- The conference is being held with the theme ‘What Works for Africa’s Poorest Children’
- Statistics indicate that 38 per cent of all 6-17 year olds across Uganda are living in multi-dimensional poverty
- The conference is drawing on lessons and experiences from programmes and social policies across Africa that have worked, and demonstrate real potential to be scaled up and sustained
- The conference was organized by the Economic Policy Research Center, the University of Manchester and UNICEF
Kampala- Uganda is hosting the first ever conference on child poverty with a view to find lasting solutions to improving children’s welfare.
The three-day conference includes presentations from over 50 experts from around the world on what actions and programmes have most improved the lives of Africa’s poorest children.
Speaking at the start of the conference, the Executive Director of the Economic Policy Research Center (EPRC), Dr Sarah Ssewanyana, said: “It is a honour to have many of the world’s most prominent thinkers on child poverty in Africa here in Uganda for this conference.”
He added: “Hearing their collective insights and recommendations is an important step to help policy makers ensure the poorest children in Uganda and across Africa break out of poverty.”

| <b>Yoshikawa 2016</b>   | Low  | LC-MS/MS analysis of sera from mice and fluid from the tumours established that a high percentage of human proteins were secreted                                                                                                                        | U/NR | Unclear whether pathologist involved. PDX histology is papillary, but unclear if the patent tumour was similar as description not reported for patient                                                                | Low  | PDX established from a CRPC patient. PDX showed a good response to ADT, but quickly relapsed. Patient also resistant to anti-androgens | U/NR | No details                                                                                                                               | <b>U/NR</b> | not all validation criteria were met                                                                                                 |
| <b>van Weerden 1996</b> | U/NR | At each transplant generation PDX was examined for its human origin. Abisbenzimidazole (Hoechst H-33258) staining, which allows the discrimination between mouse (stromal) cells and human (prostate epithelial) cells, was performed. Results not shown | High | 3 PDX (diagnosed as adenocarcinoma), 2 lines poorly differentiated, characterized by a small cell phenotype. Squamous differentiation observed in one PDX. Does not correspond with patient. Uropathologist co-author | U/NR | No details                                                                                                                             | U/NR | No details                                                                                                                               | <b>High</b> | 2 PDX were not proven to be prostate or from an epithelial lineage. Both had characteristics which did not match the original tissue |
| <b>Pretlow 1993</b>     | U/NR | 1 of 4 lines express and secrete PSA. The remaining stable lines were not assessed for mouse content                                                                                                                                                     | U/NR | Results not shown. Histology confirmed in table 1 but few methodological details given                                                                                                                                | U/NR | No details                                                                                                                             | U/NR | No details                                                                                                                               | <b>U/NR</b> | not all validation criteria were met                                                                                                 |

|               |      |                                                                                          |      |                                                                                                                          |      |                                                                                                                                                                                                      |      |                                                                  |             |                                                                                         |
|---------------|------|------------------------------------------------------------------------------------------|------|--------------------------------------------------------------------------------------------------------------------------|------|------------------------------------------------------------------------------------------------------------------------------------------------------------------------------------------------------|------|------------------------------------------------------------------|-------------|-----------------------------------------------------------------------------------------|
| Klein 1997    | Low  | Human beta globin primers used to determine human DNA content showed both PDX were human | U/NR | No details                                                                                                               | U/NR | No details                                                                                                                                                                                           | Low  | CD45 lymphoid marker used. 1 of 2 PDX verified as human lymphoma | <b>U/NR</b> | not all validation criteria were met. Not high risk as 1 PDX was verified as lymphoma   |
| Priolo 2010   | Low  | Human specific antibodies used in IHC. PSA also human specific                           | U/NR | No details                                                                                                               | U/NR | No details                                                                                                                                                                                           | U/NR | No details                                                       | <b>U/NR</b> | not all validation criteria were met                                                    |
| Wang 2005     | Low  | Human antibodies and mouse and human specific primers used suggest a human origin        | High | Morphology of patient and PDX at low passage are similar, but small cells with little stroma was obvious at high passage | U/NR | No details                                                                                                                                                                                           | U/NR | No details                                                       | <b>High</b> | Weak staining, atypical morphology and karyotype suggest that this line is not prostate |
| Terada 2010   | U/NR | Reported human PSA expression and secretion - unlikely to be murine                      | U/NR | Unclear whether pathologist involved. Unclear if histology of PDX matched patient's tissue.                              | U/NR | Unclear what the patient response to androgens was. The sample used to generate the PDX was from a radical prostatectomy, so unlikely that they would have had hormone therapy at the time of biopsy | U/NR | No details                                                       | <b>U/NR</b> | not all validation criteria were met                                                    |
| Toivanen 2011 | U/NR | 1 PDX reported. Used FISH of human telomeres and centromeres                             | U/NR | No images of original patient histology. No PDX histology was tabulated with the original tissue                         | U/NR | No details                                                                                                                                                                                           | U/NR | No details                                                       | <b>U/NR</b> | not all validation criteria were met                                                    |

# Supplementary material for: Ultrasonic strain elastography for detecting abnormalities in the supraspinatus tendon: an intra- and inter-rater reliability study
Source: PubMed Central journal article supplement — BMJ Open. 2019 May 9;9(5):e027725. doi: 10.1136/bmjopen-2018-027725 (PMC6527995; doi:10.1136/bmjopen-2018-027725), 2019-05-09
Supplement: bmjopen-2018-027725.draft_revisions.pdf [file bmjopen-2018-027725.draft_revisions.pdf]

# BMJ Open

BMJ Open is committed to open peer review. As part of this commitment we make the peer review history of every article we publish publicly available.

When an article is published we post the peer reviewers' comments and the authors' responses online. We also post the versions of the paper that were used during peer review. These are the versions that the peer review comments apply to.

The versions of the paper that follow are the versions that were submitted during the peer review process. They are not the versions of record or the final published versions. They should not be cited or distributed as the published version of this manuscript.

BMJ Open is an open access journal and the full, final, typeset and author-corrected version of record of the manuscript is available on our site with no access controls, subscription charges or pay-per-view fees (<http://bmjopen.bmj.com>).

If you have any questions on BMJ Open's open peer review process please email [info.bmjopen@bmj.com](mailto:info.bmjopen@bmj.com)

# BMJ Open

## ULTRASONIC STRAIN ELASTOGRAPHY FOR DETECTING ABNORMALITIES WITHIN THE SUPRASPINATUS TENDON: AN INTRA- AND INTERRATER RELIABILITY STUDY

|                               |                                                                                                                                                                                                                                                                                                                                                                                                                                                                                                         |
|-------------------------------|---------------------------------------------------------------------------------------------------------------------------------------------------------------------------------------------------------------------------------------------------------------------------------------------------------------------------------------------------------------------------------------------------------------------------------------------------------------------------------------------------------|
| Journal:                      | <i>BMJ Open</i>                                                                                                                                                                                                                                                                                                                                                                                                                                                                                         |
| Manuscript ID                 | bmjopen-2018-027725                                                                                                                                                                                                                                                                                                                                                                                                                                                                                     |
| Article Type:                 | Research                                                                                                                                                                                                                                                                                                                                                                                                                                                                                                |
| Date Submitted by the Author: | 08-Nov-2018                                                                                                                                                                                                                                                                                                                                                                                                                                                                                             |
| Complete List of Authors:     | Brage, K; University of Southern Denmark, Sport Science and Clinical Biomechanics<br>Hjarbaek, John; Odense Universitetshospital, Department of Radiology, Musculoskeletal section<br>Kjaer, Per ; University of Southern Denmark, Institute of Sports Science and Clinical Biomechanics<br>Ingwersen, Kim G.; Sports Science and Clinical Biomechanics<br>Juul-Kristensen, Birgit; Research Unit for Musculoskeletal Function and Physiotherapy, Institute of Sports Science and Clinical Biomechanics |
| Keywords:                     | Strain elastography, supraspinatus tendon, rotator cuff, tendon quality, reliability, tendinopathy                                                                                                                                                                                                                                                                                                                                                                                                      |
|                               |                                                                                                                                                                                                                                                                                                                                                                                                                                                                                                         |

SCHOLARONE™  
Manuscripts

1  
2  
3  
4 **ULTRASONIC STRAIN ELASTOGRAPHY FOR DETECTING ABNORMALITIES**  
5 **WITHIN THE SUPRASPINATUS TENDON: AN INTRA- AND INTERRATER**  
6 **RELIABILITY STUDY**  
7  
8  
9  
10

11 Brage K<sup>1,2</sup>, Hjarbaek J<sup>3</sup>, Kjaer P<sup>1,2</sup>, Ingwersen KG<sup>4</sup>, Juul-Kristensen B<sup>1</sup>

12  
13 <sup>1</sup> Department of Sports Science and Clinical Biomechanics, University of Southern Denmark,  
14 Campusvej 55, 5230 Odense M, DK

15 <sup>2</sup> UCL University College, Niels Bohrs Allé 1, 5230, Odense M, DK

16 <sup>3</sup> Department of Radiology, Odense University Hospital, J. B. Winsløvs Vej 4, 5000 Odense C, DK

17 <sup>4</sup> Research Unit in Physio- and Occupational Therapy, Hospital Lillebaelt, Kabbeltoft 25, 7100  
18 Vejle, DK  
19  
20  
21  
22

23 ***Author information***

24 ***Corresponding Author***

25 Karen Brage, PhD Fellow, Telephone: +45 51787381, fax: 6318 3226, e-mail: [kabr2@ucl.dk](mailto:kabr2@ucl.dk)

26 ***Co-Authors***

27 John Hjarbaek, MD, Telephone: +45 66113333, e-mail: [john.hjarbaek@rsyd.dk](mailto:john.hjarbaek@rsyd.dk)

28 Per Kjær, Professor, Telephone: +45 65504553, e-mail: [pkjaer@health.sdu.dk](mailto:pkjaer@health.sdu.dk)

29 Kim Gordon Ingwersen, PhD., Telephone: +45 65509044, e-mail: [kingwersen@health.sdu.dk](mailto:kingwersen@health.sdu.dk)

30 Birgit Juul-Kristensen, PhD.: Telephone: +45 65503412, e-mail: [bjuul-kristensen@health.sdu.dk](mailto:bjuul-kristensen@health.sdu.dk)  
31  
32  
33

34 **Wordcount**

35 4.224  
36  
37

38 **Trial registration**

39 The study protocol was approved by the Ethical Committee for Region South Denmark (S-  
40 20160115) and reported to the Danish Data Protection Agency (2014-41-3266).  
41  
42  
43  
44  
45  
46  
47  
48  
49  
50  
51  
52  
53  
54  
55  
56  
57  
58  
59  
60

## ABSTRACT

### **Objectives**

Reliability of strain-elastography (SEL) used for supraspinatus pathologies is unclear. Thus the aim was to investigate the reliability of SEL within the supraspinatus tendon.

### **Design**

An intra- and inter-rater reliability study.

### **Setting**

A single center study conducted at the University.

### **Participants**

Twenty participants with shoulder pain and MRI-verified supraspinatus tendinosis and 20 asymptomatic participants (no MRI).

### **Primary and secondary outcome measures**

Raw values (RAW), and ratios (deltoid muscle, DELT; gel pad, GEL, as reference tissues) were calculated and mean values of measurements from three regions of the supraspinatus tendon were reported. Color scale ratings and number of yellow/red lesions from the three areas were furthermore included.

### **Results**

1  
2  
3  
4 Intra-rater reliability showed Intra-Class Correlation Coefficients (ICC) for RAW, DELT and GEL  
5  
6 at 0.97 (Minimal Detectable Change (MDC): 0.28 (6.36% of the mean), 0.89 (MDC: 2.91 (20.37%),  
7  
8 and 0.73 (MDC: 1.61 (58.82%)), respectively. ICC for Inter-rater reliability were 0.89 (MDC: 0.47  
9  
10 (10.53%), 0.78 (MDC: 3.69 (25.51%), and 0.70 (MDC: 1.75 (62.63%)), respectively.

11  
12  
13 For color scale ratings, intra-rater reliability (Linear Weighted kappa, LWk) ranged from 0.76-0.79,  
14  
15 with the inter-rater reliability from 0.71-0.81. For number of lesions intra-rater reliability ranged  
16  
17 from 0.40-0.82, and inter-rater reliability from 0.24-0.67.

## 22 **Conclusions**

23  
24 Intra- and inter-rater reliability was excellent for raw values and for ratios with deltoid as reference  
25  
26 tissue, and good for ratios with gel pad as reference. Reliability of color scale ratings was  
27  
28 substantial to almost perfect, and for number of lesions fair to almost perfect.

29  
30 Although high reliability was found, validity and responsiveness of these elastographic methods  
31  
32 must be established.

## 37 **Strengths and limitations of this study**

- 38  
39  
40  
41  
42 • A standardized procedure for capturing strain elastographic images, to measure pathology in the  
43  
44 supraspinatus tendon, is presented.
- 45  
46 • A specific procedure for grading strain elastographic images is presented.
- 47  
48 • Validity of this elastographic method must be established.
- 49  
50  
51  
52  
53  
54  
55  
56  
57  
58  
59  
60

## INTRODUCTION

In Uganda, fifty-five per cent of children under 5 years of age – 3.7 million- are living in multi-dimensional poverty, deprived of many of the basic services and fundamental rights (health care, nutrition, education, water, sanitation, shelter and information) they require to develop to their full potential.
The UNICEF’S Representative to Uganda, Dr Doreen Mulenga said the effects of multiple deprivations on children are often significant and expose children to much greater risk of harm, abuse and exploitation
“The examples of practical solutions that will be presented over the coming days have transformed the lives of some of the most deprived and vulnerable children across Africa. We must find ways to urgently implement such solutions here in Uganda,” she said.
“We hope the presentations at this conference will inform policies and programmes that more deliberately and robustly improve the lives of the poorest children here in Uganda and across Africa,” said Dr. David Lawson, Senior Lecturer at the Global Development Institute in the School of Environment, Education and Development at the University of Manchester.
A collection of papers presented at the conference will form the foundation of a book, ‘What Works for Africa’s Poorest Children? Social Policies and Programmes for Children Living in Extreme Deprivation.’